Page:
You are not currently logged in.
Access JSTOR through your library or other institution:
If You Use a Screen ReaderThis content is available through Read Online (Free) program, which relies on page scans. Since scans are not currently available to screen readers, please contact JSTOR User Support for access. We'll provide a PDF copy for your screen reader.
Linking Outsourcing to Business Strategy
Richard C. Insinga and Michael J. Werle
The Academy of Management Executive (1993-2005)
Vol. 14, No. 4, Themes: Strategy, Culture, and Change (Nov., 2000), pp. 58-70
Published by: Academy of Management
Stable URL: http://www.jstor.org/stable/4165685
Page Count: 13
You can always find the topics here!Topics: Outsourcing, Corporations, Business structures, Banking industry, Engines, Automobile manufacturers, Collaboration, Commodities, Bottling
Were these topics helpful?See somethings inaccurate? Let us know!
Select the topics that are inaccurate.
Since scans are not currently available to screen readers, please contact JSTOR User Support for access. We'll provide a PDF copy for your screen reader.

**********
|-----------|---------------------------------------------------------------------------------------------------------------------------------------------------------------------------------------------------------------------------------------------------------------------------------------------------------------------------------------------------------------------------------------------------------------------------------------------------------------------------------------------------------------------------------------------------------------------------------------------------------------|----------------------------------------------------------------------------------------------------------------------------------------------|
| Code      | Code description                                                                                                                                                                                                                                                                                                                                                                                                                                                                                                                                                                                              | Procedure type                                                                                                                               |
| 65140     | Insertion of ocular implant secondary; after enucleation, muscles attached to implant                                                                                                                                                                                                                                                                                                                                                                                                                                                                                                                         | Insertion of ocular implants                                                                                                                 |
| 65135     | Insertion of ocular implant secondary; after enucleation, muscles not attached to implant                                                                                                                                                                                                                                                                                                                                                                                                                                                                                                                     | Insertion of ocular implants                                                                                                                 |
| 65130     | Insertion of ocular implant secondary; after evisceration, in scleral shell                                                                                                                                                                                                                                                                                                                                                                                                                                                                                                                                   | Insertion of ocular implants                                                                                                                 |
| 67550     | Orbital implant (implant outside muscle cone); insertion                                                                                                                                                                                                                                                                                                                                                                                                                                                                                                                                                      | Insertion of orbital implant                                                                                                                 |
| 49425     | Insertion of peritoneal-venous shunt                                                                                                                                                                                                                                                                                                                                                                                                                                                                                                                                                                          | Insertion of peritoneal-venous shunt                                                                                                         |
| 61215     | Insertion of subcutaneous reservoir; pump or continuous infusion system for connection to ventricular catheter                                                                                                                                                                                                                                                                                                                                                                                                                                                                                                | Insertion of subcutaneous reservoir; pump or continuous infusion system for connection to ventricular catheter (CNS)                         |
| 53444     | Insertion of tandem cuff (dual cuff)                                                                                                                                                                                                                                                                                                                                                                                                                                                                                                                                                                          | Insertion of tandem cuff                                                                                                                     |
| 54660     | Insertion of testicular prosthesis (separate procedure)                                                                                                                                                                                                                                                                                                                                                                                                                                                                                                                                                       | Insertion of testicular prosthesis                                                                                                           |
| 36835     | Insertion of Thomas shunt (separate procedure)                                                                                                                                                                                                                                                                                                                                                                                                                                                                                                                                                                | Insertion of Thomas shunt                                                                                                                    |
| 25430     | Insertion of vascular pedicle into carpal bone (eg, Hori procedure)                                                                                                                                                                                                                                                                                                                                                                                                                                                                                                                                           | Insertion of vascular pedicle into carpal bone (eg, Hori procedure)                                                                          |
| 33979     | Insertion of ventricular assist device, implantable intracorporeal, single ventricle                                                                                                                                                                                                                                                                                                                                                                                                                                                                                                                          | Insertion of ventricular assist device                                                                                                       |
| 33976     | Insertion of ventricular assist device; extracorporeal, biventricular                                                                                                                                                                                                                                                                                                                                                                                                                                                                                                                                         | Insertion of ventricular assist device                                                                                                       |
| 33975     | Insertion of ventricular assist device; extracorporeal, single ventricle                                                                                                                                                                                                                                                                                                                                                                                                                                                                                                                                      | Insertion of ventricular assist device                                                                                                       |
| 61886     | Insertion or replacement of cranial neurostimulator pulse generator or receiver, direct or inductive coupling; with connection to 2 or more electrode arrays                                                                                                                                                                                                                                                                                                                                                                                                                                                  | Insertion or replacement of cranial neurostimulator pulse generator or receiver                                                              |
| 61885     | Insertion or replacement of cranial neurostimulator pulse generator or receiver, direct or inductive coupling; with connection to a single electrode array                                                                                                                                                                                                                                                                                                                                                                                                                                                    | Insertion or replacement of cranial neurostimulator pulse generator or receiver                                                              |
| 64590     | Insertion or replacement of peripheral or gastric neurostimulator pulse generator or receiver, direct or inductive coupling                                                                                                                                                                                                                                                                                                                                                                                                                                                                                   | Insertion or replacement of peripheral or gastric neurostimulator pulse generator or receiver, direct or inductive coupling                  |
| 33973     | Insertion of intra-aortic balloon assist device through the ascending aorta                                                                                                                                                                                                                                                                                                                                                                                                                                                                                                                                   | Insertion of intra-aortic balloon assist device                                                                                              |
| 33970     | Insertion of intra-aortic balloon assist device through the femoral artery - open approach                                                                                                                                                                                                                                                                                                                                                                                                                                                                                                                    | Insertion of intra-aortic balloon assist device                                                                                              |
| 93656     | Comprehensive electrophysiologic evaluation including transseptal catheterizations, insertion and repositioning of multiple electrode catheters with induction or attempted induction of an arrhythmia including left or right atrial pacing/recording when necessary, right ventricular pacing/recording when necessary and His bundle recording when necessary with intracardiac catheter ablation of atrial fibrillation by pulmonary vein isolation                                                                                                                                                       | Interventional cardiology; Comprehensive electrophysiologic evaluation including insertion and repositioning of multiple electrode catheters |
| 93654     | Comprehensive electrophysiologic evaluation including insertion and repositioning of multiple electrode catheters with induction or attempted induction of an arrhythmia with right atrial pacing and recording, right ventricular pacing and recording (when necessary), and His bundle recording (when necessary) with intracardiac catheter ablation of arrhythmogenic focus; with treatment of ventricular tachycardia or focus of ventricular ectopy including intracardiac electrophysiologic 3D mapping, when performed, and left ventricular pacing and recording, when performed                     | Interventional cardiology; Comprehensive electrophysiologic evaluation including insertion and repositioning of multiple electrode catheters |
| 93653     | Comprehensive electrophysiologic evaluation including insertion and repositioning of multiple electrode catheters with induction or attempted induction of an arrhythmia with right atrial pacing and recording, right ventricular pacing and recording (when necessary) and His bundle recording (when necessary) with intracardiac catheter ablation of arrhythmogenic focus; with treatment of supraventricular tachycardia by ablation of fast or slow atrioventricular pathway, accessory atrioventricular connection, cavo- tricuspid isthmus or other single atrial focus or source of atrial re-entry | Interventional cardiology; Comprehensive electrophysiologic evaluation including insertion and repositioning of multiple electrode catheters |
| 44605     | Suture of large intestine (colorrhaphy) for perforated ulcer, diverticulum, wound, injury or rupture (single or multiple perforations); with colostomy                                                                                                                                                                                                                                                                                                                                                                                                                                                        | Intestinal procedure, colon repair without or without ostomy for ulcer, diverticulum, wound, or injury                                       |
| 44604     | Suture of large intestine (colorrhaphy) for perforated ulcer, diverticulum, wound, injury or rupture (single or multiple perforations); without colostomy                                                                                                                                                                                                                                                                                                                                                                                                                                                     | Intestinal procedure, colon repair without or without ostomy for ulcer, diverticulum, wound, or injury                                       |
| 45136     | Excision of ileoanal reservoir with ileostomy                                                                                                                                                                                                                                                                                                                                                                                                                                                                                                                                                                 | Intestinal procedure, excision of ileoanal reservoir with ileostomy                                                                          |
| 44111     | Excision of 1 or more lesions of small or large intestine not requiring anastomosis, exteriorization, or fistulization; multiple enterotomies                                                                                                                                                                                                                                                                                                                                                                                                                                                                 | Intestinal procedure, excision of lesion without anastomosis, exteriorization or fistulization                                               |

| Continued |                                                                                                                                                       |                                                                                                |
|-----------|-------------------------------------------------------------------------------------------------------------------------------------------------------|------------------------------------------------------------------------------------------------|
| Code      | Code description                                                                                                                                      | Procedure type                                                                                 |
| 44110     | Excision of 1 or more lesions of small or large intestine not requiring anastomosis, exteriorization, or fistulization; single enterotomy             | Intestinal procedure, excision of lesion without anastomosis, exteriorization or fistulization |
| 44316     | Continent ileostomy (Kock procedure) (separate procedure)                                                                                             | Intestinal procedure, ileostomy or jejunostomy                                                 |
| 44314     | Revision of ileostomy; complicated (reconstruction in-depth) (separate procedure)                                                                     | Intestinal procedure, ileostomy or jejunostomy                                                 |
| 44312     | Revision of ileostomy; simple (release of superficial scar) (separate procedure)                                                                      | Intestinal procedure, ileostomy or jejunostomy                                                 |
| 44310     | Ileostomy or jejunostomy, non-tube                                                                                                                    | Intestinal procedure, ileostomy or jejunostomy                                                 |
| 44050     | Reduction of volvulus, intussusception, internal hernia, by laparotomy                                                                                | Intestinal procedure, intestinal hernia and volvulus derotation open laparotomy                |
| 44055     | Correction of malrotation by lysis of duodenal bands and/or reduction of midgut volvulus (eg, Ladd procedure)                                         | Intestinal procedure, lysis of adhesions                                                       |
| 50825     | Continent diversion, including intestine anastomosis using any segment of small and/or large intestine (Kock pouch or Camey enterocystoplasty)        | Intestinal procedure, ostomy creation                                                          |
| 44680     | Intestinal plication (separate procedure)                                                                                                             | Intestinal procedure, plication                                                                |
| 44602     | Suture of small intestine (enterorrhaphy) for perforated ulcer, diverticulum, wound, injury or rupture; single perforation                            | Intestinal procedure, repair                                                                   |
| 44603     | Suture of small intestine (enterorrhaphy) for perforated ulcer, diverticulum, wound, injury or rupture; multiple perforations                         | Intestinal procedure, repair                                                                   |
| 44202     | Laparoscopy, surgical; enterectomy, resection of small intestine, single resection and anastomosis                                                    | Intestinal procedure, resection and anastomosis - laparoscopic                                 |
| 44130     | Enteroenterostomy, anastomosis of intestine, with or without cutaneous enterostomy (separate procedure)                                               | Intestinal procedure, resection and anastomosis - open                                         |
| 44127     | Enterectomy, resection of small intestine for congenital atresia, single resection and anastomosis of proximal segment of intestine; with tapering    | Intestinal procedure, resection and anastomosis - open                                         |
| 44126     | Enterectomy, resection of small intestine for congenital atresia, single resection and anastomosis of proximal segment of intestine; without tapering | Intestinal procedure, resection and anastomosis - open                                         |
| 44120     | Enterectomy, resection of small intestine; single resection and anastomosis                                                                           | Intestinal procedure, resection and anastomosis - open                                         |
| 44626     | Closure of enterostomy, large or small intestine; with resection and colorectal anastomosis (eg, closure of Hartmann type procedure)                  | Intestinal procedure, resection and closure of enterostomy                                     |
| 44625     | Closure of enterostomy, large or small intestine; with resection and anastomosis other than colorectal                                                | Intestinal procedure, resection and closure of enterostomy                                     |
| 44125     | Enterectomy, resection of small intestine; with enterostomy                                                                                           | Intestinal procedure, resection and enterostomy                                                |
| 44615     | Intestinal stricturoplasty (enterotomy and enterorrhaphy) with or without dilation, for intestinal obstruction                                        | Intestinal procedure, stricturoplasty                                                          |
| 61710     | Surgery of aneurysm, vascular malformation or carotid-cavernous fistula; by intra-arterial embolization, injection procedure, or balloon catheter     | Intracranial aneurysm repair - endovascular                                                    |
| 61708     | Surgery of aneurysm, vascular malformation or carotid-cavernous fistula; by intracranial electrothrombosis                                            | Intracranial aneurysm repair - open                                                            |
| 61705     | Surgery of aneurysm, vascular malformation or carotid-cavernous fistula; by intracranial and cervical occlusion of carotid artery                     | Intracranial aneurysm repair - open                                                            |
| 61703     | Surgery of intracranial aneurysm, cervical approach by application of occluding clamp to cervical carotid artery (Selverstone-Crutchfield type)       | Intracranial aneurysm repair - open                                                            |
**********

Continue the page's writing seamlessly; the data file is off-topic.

Preview not available
In today's business environment, companies are driven to conduct a few functions in-house and to obtain the rest from other sources through aggressive outsourcing. While outsourcing may seem attractive at the strategic management level, serious pitfalls are often encountered as the strategy is pushed downward into operations. At the operational level, the strategic intent tends to be lost in a hectic day-to-day, problem-to-problem business environment. Outsourcing decisions made at the operational level can easily lead to dependencies that create unforeseen strategic vulnerabilities. These pitfalls are addressed by a systematic methodology that can guide the operational level to achieve strategically appropriate actions.
The Academy of Management Executive (1993-2005) © 2000 Academy of Management